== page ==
Figure 2.

STEM micrographs of non-decalcified tergites of Porcellio scaber. A Overview showing the mineralised exocuticle (ex) and endocuticle en and the unmineralised membranous layer (ml). The pore canals (arrows) are mineralised. B, C Exocuticle and epicuticle (ep). Approximately 25 nm thick fibres in the distal exocuticle (dex) and approximately 6 nm thick fibrils in the proximal exocuticle (pex). Pore canals arrows contain mineral. The inner epicuticle (iep) appears partly mineralised, and the outer epicuticle (oep) unmineralised, except epicuticular pore canals (epc). D, E Endocuticle with mineralised pore canal (arrow). Approximately 6 nm thick chitin-protein fibrils (black arrowheads) individually surrounded by mineral forming a twisted plywood structure. F, G Single mineral rods (white arrowheads) at the border between membranous layer and endocuticle.

Etched surface samples

Etched surfaces are in particular suitable to visualize the distribution of organic fibrils or fibres within the pore canal system. In addition, because shrinkage due to demineralisation followed by drying of the cuticle can be minimised, some quantitative aspects of the cuticle, such as the stacking height and thickness of exo- and endocuticle can be measured more accurately. Just as in non-decalcified thin sections the distal exocuticle is approximately 1 µm thick. Fibres within the pore canals that are only faintly visible in TEM sections can be well observed (Figure 3A). Etching of polished samples can also be used to distinguish mineralised from non-mineralised structures. A side view of a tricorn sensillum is shown in Figure 3B. Non-mineralised epicuticular structures in the cutting plane can well be distinguished from surrounding mineralised cuticular layers (Figures 3B, C). Depending on the pH used for etching polished and etched cuticle surfaces can be used to discern regions differing in the solubility of the mineral phases e.g. between ACC and calcite. Etched at pH 6.5, fibres or fibrils in all principal layers are visible (Figures 3A–C). At pH 8.0, mineral was etched away in the endocuticle and partly in the exocuticle (Figure 3D). In the latter etching occurs mostly in proximal regions of the pore canals, sometimes also more distally, but not in the distal exocuticle (Figures 3D, E).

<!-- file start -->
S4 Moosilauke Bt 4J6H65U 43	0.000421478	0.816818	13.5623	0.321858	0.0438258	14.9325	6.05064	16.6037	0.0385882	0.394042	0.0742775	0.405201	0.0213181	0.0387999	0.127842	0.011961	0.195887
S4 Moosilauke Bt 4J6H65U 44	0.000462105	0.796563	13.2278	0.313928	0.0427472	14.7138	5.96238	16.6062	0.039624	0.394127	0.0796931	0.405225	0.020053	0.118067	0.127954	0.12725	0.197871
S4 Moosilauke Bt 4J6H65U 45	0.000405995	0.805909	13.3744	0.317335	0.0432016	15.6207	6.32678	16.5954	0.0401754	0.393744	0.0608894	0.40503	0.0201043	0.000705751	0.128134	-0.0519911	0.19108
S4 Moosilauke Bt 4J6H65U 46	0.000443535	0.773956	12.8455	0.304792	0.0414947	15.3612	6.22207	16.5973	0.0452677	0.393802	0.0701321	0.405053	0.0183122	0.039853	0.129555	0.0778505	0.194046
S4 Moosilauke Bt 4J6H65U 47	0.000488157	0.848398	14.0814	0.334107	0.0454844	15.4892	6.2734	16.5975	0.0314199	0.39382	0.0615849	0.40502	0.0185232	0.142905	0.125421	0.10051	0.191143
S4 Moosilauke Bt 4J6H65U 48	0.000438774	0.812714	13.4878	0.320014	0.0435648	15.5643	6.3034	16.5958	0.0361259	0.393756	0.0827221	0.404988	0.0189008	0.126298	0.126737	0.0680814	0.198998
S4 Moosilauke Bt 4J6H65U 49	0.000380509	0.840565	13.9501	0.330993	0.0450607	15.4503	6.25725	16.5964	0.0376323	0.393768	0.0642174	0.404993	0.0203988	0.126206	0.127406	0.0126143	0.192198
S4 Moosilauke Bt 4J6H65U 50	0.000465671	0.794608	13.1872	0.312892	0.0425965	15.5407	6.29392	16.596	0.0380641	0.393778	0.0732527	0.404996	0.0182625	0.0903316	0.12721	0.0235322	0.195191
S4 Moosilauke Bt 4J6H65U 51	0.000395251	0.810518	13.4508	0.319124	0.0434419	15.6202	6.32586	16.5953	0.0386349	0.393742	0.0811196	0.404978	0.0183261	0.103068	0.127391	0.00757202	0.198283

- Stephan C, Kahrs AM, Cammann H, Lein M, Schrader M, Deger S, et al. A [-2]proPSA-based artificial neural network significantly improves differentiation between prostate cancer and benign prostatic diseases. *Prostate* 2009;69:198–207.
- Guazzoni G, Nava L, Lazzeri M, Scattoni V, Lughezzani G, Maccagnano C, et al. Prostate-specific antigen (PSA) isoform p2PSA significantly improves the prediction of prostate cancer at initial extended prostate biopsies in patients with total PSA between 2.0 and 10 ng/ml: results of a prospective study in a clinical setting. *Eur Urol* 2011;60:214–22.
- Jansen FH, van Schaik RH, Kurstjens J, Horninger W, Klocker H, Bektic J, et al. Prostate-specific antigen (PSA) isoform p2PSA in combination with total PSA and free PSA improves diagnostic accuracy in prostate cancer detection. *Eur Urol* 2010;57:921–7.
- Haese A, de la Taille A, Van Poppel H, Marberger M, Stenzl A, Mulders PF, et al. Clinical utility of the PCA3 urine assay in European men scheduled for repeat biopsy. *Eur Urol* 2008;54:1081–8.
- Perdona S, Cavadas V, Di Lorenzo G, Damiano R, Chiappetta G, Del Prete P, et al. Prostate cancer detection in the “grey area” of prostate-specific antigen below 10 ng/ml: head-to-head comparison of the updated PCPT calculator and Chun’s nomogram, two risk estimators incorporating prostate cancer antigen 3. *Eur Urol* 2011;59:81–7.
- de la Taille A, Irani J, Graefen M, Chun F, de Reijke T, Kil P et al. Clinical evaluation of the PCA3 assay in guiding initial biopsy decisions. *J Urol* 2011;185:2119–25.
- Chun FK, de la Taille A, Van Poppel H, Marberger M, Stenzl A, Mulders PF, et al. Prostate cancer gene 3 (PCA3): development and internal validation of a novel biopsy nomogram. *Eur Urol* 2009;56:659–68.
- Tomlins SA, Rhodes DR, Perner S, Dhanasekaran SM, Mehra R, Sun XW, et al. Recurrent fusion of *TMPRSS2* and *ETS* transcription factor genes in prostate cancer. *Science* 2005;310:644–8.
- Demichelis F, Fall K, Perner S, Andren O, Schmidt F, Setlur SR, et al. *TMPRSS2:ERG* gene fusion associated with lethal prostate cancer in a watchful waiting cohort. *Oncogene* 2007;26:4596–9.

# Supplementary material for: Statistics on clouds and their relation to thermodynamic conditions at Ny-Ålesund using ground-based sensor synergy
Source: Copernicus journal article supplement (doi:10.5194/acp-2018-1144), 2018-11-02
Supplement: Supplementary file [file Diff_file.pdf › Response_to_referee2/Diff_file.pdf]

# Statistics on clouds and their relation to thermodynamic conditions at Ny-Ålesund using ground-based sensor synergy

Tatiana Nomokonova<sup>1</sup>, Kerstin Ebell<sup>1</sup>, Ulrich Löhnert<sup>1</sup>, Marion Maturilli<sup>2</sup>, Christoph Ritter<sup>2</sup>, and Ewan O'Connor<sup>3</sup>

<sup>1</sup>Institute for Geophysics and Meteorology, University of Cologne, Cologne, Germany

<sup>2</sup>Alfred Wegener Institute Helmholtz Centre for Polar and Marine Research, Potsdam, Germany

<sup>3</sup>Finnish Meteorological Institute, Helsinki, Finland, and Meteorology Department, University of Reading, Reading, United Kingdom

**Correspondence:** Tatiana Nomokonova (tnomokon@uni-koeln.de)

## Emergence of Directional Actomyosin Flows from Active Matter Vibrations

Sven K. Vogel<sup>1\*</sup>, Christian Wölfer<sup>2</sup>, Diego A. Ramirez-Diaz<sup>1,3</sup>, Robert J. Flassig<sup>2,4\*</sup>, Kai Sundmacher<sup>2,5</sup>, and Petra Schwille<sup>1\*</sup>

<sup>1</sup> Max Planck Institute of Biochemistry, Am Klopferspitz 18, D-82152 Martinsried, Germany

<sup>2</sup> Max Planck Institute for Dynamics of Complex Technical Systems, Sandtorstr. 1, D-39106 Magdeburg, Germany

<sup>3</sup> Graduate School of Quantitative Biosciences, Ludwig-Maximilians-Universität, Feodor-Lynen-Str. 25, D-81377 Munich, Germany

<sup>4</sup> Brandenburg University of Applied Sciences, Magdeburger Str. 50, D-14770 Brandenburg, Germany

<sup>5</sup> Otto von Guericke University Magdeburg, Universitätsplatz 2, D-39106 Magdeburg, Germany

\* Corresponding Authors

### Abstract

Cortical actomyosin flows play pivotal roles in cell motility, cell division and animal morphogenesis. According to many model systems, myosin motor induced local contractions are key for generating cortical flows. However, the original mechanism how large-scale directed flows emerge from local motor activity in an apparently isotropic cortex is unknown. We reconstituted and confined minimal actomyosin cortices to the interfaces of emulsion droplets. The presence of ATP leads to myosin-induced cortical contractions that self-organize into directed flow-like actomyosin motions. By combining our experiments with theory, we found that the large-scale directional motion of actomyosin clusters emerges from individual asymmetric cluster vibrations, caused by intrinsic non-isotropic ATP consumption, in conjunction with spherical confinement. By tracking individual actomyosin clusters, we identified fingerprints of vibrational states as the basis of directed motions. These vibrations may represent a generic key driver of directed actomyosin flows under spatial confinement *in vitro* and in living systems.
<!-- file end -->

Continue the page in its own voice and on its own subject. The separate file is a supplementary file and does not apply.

Figure 3.

FE-SEM micrographs of polished sagittal plane through bulk tergite samples etched at pH 6.5 A, B, C and 8.0 D, E. A Fibres in the distal exocuticle (dex) and the isle-like structure of the proximal exocuticle (pex) caused by large pore canals (pc). Fibrils or fibres (arrowheads) in the pore canals are well visible. en, endocuticle. B, C Side views of tricorn sensilla. The epicuticular unmineralised material forming the sensilla is well distinguishable from the mineralised exo- and endocuticle. ep, epicuticle; sc, epicuticular scale. D, E Mild etching reveals regions containing mineral of different solubility. Mineral within the endocuticle appears etched whereas most regions within the exocuticle (ex) remain unaltered. Note etching within pore canals of the exocuticle.


Using improved preparation methods for conventional TEM, low voltage STEM and FESEM, we can confirm all general features of the tergite cuticle described in several previous publications on the integument cuticle of terrestrial isopods (Price and Holdich 1980, Štrus and Compère 1996, Ziegler 1997, Štrus and Blejec 2001). In addition, we describe features that have not been described previously in the cuticle of Porcellio scaber, such as the presence of a distinct distal exocuticle that differs from the subjacent proximal exocuticle, pore canals that contain mineral, the spatial arrangement of mineral around fibres within the distal exocuticle versus mineral around fibrils in the proximal exocuticle and endocuticle, and the distribution of well soluble mineral phases.

Simultaneous decalcification and fixing of samples allows for visualising the structure on fibre level within the distal exocuticle such as chitin crystallites embedded in a proteinaceous matrix. In Porcellio scaber these fibres have the same structure as those reported previously for the distal exocuticle in the tergites of Tylos europaeus (Seidl et al. 2011). Interestingly, the relative size of distal and proximal exocuticle differs between these species. In Tylos europaeus, the distal exocuticle is between 4 and 10 µm thick and consists of at least 4 stacks versus 11.5 µm thick and just 12 stacks in Porcellio scaber. In reverse, the proximal exocuticle consists of 2 stacks in Tylos europaeus and 4 stacksin Porcellio scaber. The distal exocuticle appears to play a specific role in the formation of local thickenings in the tergites of Porcellio scaber (present study) and the formation of micro-tubercles in Tylos europaeus (Seidl et al. 2011), in which thickening of the cuticle occurs by an increase in the height of the stacks in the distal exocuticle.